To be autistic is to live as an outsider. The social standards that come naturally to others seem foreign and strange. These social skills that are innate for some take learning and practice for us to assimilate. While many, particularly allistic, people view this as a negative thing, there are benefits to not understanding.
Because we live outside these norms, we see them in a different light than allistics. By having to learn these skills rather than simply having them, we gain a different perspective. This varied perspective can be a huge benefit, particularly when it comes to social justice activism.
Social justice activism is a field that has been growing in strength in recent years. More and more people are becoming aware of the injustices in our society and have begun to fight back against the systems that perpetuate these injustices. Of course, social activism is by no means a new phenomenon. Marginalized people have been fighting back against their oppression long before these ideas gained more mainstream popularity.
Activism spans a wide range of oppression and marginalization. From race to gender to disability, there are a multitude of aspects to intersectional activism. For those of us involved in activism, our identities often are comprised of both privileged and marginalized identities. For instance, I am white (a privileged identity) but also disabled, bisexual, gendervague, and perceived to be a woman (marginalized identities). These intersections of privilege and oppression color our activism from which aspects of activism we are most involved in to which areas of oppression we may have difficulty understanding. Someone who is white will have a harder time understanding race issues while a cisman may have more difficulty understanding sexism.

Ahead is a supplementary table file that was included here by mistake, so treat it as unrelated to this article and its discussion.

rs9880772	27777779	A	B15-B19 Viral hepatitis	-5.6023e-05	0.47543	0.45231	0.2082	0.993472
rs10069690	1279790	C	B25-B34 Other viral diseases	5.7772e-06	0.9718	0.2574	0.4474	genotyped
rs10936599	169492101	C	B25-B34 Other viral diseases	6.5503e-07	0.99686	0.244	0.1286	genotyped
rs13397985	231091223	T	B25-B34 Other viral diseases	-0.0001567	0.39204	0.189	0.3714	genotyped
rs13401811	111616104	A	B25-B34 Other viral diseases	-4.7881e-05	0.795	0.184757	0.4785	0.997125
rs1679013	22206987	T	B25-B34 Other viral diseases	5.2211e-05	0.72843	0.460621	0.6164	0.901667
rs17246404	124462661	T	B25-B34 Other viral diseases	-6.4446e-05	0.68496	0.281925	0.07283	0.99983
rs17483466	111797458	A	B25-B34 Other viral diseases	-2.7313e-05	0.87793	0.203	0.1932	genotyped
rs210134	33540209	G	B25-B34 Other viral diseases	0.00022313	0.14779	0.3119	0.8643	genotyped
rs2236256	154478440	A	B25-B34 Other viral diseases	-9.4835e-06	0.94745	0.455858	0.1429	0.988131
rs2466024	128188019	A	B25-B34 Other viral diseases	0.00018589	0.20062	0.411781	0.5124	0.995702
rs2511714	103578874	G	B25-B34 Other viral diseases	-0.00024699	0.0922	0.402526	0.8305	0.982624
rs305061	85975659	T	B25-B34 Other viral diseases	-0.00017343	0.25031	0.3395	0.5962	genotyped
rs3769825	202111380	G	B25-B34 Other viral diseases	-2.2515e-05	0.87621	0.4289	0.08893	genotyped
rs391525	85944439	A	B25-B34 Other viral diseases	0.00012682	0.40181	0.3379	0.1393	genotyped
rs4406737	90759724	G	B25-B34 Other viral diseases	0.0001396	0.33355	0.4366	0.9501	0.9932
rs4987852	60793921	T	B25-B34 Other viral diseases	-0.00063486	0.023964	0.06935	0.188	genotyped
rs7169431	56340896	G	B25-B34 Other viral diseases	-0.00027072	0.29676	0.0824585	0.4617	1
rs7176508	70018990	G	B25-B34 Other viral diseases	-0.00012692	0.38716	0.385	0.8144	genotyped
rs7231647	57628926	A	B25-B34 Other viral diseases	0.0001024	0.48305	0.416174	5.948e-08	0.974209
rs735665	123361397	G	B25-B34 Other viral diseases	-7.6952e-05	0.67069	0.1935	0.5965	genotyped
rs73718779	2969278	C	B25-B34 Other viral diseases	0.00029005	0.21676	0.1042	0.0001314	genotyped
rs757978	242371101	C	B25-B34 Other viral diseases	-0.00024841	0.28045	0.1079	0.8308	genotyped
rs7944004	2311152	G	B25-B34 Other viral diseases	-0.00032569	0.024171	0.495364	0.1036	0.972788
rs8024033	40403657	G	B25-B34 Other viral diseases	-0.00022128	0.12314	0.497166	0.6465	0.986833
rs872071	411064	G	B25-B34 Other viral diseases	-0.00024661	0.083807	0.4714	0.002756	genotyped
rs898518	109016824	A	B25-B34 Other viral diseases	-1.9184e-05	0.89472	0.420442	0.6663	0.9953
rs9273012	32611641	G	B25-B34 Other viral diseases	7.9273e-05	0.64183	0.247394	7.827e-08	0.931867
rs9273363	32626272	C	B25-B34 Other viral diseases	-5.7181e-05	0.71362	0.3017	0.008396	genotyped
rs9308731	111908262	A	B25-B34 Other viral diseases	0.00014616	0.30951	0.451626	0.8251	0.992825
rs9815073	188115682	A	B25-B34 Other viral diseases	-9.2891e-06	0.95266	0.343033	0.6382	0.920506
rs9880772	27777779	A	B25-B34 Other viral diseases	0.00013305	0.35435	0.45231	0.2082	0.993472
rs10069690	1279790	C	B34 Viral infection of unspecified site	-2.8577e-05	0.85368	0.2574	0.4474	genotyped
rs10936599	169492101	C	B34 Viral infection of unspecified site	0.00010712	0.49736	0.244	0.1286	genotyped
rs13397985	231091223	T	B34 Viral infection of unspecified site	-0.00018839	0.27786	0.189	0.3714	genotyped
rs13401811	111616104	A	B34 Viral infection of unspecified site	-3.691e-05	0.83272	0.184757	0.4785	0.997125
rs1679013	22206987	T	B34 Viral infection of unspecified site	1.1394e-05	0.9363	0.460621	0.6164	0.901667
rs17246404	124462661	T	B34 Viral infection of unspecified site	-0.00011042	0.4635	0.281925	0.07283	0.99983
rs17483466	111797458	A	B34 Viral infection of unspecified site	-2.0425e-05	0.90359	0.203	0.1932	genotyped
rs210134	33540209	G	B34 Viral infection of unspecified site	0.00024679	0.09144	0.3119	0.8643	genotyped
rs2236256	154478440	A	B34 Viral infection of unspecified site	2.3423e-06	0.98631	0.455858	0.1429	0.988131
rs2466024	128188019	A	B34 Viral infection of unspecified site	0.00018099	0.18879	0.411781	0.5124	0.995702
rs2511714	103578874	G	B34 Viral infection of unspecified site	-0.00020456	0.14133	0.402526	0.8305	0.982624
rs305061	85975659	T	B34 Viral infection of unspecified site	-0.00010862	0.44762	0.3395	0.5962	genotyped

Difficulties in understanding the experiences of a marginalized group to which one does not belong typically stem from our socialization. The multitude of messages we are ingrained with from birth work together to disguise systems of oppression. Whether it’s the myth of pulling yourself up by your bootstraps (which ignores the reality that many can work their hardest and never advance while others advance simply through privilege) or the extreme gendering of children from before they are even born, various cultural myths and ideas influence our ways of thinking which can make it hard to see the overarching systems of oppression that dictate our lives.
While there haven’t been official studies done, anecdotal evidence suggests that autistic people seem to be more likely to become involved in social justice than the general population. I think this has a great deal to do with the experience of living in this world while autistic. Our differences in understanding social norms can make it easier to question those norms. While many allistics simply accept social norms as just the way things are, autistics must learn these norms the way others learn math. Because we must learn these things, much in the way of someone learning math, we are more likely to question what we are learning.
The outside perspective we gain by having to learn what comes naturally to others makes it easier to question these social norms and systems of oppression. This is not to say that all autistics are socially active or that there aren’t other factors that affect a person’s ease of questioning these systems. Certainly, people with multiple oppressed identities will also be more likely than the general populace to question and fight against these systems. However, one of the benefits of autism is that this outsider perspective helps us to see these systems for what they are rather than just accepting them as the way things are.
Living as an autistic in an allistic world certainly has its challenges, but there are also good things that come with being autistic. Our ability to see the world in a different way is definitely one of them.
To my fellow autistics, do you think that being autistic has influenced your participation in social justice activism?